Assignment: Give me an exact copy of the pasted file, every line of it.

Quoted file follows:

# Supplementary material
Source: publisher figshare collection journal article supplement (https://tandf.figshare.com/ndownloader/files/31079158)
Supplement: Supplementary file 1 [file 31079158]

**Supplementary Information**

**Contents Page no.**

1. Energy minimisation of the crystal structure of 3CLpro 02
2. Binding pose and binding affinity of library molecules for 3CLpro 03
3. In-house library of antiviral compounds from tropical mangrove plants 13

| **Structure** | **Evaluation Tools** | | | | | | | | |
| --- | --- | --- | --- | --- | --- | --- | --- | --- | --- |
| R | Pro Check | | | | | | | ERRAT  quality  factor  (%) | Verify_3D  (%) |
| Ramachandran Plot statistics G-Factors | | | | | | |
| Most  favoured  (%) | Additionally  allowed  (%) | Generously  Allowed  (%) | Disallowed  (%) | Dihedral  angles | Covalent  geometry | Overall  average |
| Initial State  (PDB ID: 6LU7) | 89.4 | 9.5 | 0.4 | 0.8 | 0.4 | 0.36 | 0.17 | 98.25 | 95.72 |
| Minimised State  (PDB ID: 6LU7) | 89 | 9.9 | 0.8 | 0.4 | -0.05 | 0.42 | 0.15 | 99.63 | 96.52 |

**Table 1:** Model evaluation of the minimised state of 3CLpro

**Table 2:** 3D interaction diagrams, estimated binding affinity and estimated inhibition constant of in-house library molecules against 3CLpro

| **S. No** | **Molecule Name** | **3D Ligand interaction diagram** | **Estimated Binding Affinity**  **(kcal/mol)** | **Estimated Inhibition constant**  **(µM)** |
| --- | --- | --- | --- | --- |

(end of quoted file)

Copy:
# Supplementary material
Source: publisher figshare collection journal article supplement (https://tandf.figshare.com/ndownloader/files/31079158)
Supplement: Supplementary file 1 [file 31079158]

**Supplementary Information**

**Contents Page no.**

1. Energy minimisation of the crystal structure of 3CLpro 02
2. Binding pose and binding affinity of library molecules for 3CLpro 03
3. In-house library of antiviral compounds from tropical mangrove plants 13

| **Structure** | **Evaluation Tools** | | | | | | | | |
| --- | --- | --- | --- | --- | --- | --- | --- | --- | --- |
| R | Pro Check | | | | | | | ERRAT  quality  factor  (%) | Verify_3D  (%) |
| Ramachandran Plot statistics G-Factors | | | | | | |
| Most  favoured  (%) | Additionally  allowed  (%) | Generously  Allowed  (%) | Disallowed  (%) | Dihedral  angles | Covalent  geometry | Overall  average |
| Initial State  (PDB ID: 6LU7) | 89.4 | 9.5 | 0.4 | 0.8 | 0.4 | 0.36 | 0.17 | 98.25 | 95.72 |
| Minimised State  (PDB ID: 6LU7) | 89 | 9.9 | 0.8 | 0.4 | -0.05 | 0.42 | 0.15 | 99.63 | 96.52 |

**Table 1:** Model evaluation of the minimised state of 3CLpro

**Table 2:** 3D interaction diagrams, estimated binding affinity and estimated inhibition constant of in-house library molecules against 3CLpro

| **S. No** | **Molecule Name** | **3D Ligand interaction diagram** | **Estimated Binding Affinity**  **(kcal/mol)** | **Estimated Inhibition constant**  **(µM)** |
| --- | --- | --- | --- | --- |